Freezing DEF, APUs, & More!


Winter brings extra challenges for truck owners with DEF (Diesel Exhaust Fluid) equipped trucks.  DEF needs to be at a certain temperature in order to vaporize properly into the exhaust stream.  The temperature in the tank, lines, and injector are controlled by either the aftertreatment control module (ACM) or engine control module (ECM).  Every system is a little different, but usually the engine’s coolant is used to warm the DEF.  While the engine is running, the control system uses valves and pumps to circulate coolant throughout the various aftertreatment components.

Typically, coolant flows from the back of the engine to a control valve.  This valve regulates coolant flow from the engine to thaw and maintain temperatures above DEF’s freezing point of 12 degrees Fahrenheit.  A pump returns coolant back to the engine after circulating through the DEF tank.  If the tank is partially frozen or completely frozen, the control system will enter a routine to protect the dosing system and thaw the fluid.  During this routine, DEF injection could be shut off.  Line heaters, if equipped, are activated, and coolant flows so DEF can return to a liquid state.  The system will automatically monitor temperatures and reinstate the warm-up routine, if necessary.  Any issues with the pump, valves, line heaters, etc. could paralyze the truck and should be addressed immediately.

Our Winter Blend Max Mileage Fuel Borne Catalyst is good up to 30 below zero (if the fuel in the truck is a northern blended fuel).  Southern fuel may not be treated, and if you fill up in the south and drive north, put the Max Mileage Winter Blend in the fuel and you are good to 15 degrees below zero.  Now, if you are just passing through the extreme cold and the truck is going to stay running, you’re okay.  The problem arises when the engine is shut off for extended periods of time.  Just be cautious – when filling your fuel tanks in the south and traveling north, put the winter blend in the tank during that fill up.  It would be best to purchase northern fuel, put in the Winter Blend, and be covered to 30 below zero, but you gotta do what you gotta do.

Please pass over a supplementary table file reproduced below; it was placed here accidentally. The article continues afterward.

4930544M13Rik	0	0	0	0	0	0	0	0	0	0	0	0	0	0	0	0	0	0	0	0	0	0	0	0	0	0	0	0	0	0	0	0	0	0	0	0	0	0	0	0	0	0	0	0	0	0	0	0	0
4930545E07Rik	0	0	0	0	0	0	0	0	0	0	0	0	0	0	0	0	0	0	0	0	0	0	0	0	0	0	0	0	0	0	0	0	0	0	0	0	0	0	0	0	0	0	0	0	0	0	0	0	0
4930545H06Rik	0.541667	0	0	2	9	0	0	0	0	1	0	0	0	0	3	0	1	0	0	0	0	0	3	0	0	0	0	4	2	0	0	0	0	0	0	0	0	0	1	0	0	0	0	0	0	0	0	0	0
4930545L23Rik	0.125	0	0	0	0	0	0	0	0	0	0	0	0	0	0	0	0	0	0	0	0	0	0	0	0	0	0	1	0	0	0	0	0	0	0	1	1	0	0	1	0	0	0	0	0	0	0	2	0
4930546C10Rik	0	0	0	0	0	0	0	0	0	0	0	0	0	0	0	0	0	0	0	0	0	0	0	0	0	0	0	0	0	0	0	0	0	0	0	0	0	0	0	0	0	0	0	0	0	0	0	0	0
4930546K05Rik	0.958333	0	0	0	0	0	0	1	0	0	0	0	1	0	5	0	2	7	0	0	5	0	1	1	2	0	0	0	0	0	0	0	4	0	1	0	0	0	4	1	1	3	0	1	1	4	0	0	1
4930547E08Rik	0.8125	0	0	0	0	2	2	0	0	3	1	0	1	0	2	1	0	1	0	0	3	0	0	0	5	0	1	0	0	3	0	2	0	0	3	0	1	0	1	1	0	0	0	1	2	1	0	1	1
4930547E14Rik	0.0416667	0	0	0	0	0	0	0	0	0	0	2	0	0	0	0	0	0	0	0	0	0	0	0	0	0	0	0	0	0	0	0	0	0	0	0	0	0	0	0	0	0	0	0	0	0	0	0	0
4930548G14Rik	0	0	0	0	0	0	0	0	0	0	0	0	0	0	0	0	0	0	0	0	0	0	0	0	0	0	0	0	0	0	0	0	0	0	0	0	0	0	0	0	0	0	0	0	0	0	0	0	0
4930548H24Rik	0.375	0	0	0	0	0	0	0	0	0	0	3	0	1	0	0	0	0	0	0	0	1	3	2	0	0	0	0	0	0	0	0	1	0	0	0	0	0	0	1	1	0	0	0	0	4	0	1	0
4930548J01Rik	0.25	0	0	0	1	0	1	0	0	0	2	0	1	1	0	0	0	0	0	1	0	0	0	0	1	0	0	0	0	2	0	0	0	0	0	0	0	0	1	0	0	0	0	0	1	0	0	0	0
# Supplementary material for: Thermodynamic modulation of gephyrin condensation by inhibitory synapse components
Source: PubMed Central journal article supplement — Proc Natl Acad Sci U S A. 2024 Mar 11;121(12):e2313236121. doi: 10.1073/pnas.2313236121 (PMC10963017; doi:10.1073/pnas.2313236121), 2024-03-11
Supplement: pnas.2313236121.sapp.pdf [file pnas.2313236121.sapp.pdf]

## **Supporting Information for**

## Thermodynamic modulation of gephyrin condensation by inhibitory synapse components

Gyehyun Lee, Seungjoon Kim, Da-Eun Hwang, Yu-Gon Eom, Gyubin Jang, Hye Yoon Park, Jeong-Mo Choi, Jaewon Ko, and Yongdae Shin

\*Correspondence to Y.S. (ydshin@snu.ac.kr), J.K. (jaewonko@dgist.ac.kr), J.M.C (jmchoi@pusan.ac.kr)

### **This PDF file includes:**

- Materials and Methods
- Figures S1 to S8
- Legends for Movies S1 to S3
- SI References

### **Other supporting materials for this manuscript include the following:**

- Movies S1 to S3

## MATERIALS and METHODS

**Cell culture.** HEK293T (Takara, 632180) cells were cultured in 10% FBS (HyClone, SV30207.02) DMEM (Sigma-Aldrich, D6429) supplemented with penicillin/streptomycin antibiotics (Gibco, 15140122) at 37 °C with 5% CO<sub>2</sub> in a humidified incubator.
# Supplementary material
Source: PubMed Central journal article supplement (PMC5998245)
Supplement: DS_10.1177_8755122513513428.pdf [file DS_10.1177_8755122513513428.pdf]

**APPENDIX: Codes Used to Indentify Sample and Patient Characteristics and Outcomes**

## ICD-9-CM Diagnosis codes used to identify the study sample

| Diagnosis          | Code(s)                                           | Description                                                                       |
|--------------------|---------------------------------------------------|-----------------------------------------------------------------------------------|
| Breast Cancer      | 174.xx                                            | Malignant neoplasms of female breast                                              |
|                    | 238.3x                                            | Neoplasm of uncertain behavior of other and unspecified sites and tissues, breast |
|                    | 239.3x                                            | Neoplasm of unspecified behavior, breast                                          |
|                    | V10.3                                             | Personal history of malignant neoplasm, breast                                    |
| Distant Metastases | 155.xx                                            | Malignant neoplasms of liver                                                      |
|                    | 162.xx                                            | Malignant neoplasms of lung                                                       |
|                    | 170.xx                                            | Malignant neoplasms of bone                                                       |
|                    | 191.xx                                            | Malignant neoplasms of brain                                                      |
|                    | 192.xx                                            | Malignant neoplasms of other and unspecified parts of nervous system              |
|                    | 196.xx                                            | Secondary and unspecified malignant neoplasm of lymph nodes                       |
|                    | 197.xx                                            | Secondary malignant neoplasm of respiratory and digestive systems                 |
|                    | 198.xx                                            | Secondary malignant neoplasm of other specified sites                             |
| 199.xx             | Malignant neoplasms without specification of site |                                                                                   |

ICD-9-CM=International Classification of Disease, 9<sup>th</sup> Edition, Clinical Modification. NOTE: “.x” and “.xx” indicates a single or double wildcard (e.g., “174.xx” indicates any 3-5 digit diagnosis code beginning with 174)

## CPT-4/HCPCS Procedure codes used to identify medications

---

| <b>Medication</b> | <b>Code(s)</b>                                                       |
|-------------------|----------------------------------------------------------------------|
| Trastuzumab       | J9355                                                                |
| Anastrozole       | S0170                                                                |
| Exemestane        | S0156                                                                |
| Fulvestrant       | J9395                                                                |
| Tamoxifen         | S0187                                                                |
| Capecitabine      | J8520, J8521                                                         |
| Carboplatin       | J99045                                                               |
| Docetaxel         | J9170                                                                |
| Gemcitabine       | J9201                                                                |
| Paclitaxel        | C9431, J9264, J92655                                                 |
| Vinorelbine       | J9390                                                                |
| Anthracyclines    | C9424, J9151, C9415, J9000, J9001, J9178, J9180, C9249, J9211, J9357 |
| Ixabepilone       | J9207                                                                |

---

The majority of trucks out there do not have an APU (Auxiliary Power Unit), but these units can be a life saver – and the Max Mileage product will make your APU run quieter and more efficiently.  It also can be very helpful in Espar and Wabasto bunk heaters, as Max Mileage removes all the soot from inside their firing chamber.  The Max Mileage Fuel Borne Catalyst will also help your engine if you do not have an APU and need to idle.  But idling for long periods of time in the bitter cold is still hard on the DPF (Diesel Particulate Filter).  Oftentimes, there is not enough heat in the engine, and you may have to do a re-gen in the morning after a long night of idling in the cold.

Pittsburgh Power’s Owner Operator Snowmobile Conference is being held the first weekend in March.  I will be arriving late in the afternoon on Wednesday, March 2nd, at the Lava Mountain Lodge in Dubois, Wyoming.  The lodge is located at 3577 Highway 26, zip code 82513.  Terry is our contact there, so please ask for him if you are making reservations.  The lodge’s phone number is 440-478-4350.  We will be staying until Sunday morning, March 6th.  Also, please call Cathy, our receptionist at Pittsburgh Power, at 724-360-4080 and let her know if you plan to attend.  We normally ride three days, but you are welcome to extend your stay.  There are plenty of trails, so if you have a short track Eastern sled, you will be fine.  This is our 17th year having the Owner Operator Snowmobile Conference, and we always have a great time riding, eating, having a few drinks, and talking about snowmobiles and big trucks with fellow owner operators.

Our next project truck is being built by John Newby of Whitehall, Montana.  John owns a 379 Peterbilt powered by a C-16 Caterpillar engine.  The transmission is an 18-speed, which is followed by a 4-speed Spicer auxiliary transmission, so he has a total of 72 gears to choose from, and the rear gears are 3.55 ratio.  The Pete is equipped with 8” stacks going 13’-6” into the air.  The truck is a 4-axle unit with a 318” wheelbase.  John has several trailers he pulls, and some have four axles, giving him eight axles on the ground.  John runs from Montana to the state of Washington, so his truck works very hard using 17 to 20 pounds of turbo boost on the level when empty.

John’s gross weight is 109,000 pounds on average, and his fuel mileage average is 4.56 miles per gallon.  John is mechanically inclined and will be doing the work, while Pittsburgh Power will be supplying the parts and consulting with John as we work together to try and improve his fuel mileage by 2 miles per gallon.  The first change is to shorten the stacks, then install the Pittsburgh Power “shorty” straight-through muffler, our ported and ceramic coated exhaust manifold, and the HP2 performance Caterpillar turbocharger.  If we can get the turbo boost to 11 or 12 psi on the level, the fuel mileage will improve by 1 mile per gallon.  Then, we will talk about removing the auxiliary transmission and changing the rear gears to a 2.64 or 2.47 ratio to be able to drive the 18-speed in direct gear, which is 16th gear.  He also plans to install a FASS Fuel System in the future, along with custom tuning the ECM for performance and economy.  Next month we will have more information as to the progress of this project.

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